Different Directions

Different Directions

Meteoritic Zircons Help Determine Age of Martian Crust

December 1st, 2013

By Sci-News.com

NWA (North West Africa) 7533 was unearthed by Bedouin tribesmen in the Sahara desert. It is a highlands breccia, which sets it apart from all other Martian meteorites. A breccia contains thousands of fragments of different geological samples and is the geological equivalent of a library containing the early history of Mars.

“As it turns out the crust is very old – about 4,430 million years old, which means that everything was happening very fast in the beginning on Mars,” said Dr Alexander Nemchin from Curtin University, a team member and the second author of a paper published in the journal Nature.

4.43-billion-year-old Martian meteorite NWA 7533. Image credit: Meteorites.tv.

4.43-billion-year-old Martian meteorite NWA 7533. Image credit: Meteorites.tv.



Bibliographic information
Humayun M et al. 2013. Origin and age of the earliest Martian crust from meteorite NWA 7533. Nature 503, pp. 513–516; doi: 10.1038/nature12764

3.48 Billion-Year-Old Fossilized Ecosystems

December 1st, 2013

Just found some time to look at this early Nov posting. Pushing the early Archean boundaries is really exciting.

From Nora Noffke et al. republished in Sci-News.com:

“The Pilbara region of Western Australia is one of the rare geological regions that provides insight into the early evolution of life on Earth,” explained Prof David Wacey from the University of Western Australia, who is a co-author of the paper published in the journal Astrobiology.

“Mound-like deposits created by ancient bacteria, called stromatolites, and microfossils of bacteria have previously been discovered in this region.”

“However, a phenomenon called microbially induced sedimentary structures had not previously been seen in rocks of this great age.”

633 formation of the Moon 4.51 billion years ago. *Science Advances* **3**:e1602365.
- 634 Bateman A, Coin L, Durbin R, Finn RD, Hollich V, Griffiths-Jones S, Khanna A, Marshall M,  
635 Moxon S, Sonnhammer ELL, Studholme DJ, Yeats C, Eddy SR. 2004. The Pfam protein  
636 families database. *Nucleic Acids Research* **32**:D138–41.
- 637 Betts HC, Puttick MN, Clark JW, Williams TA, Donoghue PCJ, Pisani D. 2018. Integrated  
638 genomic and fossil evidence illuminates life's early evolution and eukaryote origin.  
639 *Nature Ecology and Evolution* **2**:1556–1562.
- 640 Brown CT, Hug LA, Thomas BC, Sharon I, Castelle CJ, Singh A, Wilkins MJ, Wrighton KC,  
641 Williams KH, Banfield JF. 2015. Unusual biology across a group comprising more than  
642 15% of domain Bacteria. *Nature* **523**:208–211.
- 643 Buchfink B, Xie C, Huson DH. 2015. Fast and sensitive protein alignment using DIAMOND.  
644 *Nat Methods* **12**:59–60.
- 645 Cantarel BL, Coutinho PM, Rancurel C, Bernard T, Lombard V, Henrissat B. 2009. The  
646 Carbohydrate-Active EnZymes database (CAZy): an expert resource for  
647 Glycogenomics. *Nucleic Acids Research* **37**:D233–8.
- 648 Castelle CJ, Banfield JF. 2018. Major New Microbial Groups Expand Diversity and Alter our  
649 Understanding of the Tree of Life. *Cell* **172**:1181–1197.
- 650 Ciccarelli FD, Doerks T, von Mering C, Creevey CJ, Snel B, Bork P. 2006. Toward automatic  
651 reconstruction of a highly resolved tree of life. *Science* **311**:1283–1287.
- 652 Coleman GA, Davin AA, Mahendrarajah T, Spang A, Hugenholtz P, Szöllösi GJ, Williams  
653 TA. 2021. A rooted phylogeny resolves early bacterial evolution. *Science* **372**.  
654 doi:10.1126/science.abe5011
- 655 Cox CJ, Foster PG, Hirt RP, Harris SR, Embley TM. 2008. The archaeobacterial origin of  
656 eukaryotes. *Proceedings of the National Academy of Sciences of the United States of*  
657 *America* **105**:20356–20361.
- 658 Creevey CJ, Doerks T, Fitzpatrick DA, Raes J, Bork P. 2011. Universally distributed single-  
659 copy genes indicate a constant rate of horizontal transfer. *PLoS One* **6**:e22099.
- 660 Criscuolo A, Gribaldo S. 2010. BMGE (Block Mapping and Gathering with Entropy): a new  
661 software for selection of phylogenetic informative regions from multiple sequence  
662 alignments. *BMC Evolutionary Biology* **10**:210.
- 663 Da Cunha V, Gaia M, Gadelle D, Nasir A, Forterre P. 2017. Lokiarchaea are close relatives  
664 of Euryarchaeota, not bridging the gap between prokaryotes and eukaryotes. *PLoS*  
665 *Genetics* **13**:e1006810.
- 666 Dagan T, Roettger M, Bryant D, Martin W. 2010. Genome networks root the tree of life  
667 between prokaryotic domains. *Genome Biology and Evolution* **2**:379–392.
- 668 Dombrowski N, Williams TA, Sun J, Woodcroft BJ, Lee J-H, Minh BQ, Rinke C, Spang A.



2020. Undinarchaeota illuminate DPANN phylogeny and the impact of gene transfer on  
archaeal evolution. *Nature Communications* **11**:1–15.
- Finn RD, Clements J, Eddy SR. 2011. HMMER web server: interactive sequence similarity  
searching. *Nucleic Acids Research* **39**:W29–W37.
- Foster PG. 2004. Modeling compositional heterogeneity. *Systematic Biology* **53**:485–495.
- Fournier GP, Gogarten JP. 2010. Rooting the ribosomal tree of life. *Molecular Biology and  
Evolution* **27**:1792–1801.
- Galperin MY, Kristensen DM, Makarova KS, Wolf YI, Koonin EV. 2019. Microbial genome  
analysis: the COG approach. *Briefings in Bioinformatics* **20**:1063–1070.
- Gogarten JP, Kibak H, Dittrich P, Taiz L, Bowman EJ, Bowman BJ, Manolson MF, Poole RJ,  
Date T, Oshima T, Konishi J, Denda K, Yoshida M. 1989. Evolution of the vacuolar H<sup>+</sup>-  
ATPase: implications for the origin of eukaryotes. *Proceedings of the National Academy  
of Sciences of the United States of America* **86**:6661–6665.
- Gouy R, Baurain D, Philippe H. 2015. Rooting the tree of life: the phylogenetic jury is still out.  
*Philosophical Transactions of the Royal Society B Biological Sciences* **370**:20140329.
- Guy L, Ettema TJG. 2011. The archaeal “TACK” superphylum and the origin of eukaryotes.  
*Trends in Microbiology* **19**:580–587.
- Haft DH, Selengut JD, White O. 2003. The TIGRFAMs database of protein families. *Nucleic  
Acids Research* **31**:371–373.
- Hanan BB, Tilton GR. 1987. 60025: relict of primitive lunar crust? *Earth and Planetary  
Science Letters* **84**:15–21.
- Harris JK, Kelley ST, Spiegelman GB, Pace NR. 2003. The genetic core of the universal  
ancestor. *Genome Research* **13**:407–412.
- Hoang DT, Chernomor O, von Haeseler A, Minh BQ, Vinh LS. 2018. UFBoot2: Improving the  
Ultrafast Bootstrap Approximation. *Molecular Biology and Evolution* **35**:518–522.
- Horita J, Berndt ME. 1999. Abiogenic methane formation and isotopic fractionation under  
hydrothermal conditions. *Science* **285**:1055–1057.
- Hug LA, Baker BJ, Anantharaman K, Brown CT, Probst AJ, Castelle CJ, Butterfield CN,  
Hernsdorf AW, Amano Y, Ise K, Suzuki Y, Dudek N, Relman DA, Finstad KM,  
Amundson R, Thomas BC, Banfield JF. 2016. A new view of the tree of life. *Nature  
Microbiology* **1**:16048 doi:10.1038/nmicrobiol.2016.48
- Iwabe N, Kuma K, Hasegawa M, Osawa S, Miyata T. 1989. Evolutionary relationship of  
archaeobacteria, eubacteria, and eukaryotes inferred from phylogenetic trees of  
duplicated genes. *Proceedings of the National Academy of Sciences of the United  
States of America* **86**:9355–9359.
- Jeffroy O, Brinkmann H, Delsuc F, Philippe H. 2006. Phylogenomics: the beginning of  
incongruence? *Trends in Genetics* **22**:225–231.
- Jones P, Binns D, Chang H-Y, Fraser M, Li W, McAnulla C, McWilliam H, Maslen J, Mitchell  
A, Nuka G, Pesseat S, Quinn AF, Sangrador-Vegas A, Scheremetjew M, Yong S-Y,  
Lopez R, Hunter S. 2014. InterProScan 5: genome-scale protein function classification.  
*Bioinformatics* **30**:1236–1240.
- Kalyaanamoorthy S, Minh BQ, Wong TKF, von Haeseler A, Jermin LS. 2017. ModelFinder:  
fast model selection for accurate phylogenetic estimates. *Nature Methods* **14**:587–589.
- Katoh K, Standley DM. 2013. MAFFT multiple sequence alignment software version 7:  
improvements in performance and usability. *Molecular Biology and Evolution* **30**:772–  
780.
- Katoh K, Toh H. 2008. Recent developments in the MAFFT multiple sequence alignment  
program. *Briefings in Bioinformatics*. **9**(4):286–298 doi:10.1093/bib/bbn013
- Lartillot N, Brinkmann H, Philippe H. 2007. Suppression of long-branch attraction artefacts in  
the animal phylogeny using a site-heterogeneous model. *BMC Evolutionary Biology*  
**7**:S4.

Microbially induced sedimentary structures were created by microbial mats as the microbial communities responded to changes in physical sediment dynamics.

“A common example would be the binding together of sediment grains by microbes to prevent their erosion by water currents.”

“The significance of microbially induced sedimentary structures is that they not only demonstrate the presence of life, but also the presence of whole microbial ecosystems that could co-ordinate with one another to respond to changes in their environment.”

Left: 3.48 billion-year-old macrostructures from the Dresser Formation in Pilbara, Western Australia. Right: possible modern equivalents. Scale bars – 1 cm. Image credit: Nora Noffke et al.

Left: 3.48 billion-year-old macrostructures from the Dresser Formation in Pilbara, Western Australia. Right: possible modern equivalents. Scale bars – 1 cm. Image credit: Nora Noffke et al.


Bibliographic information
Nora Noffke et al. Microbially Induced Sedimentary Structures Recording an Ancient Ecosystem in the ca. 3.48 Billion-Year-Old Dresser Formation, Pilbara, Western Australia. Astrobiology, published online November 8, 2013; doi: 10.1089/ast.2013.1030

Acid Rain, Ozone Depletion Contributed to Permian Extinction

November 30th, 2013

From Science Daily

Around 250 million years ago, at the end of the Permian period, there was a mass extinction so severe that it remains the most traumatic known species die-off in Earth’s history. Some researchers have suggested that this extinction was triggered by contemporaneous volcanic eruptions in Siberia. New results from a team including Director of Carnegie’s Department of Terrestrial Magnetism Linda Elkins-Tanton show that the atmospheric effects of these eruptions could have been devastating.

Base of the Siberian Traps volcanic sequence along Kotuy River in Arctic Siberia. (Credit: Image courtesy of Carnegie Institution)

Base of the Siberian Traps volcanic sequence along Kotuy River in Arctic Siberia. (Credit: Image courtesy of Carnegie Institution)

Journal Reference
B. A. Black, J.-F. Lamarque, C. A. Shields, L. T. Elkins-Tanton, J. T. Kiehl. Acid rain and ozone depletion from pulsed Siberian Traps magmatism. Geology, 2013; DOI: 10.1130/G34875.1

Controversial T. Rex Soft Tissue Find Finally Explained

November 28th, 2013

By Stephanie Pappas

The controversial discovery of 68-million-year-old soft tissue from the bones of a Tyrannosaurus rex finally has a physical explanation. According to new research, iron in the dinosaur’s body preserved the tissue before it could decay.

Credit: © Scott Hartman / All rights reserved

Credit: © Scott Hartman / All rights reserved

Earth’s Water Likely Came from Very Early Asteroid Strikes

October 27th, 2013

by Mike Wall, SPACE.com Senior Writer   |   October 25, 2013 11:56am ET

Earth got most of its water from asteroid impacts nearly 4.6 billion years ago, shortly after the solar system first took shape, a newstudy suggests.

An artist's illustration of a large asteroid headed for Earth. Credit: ESA

An artist’s illustration of a large asteroid headed for Earth.
Credit: ESA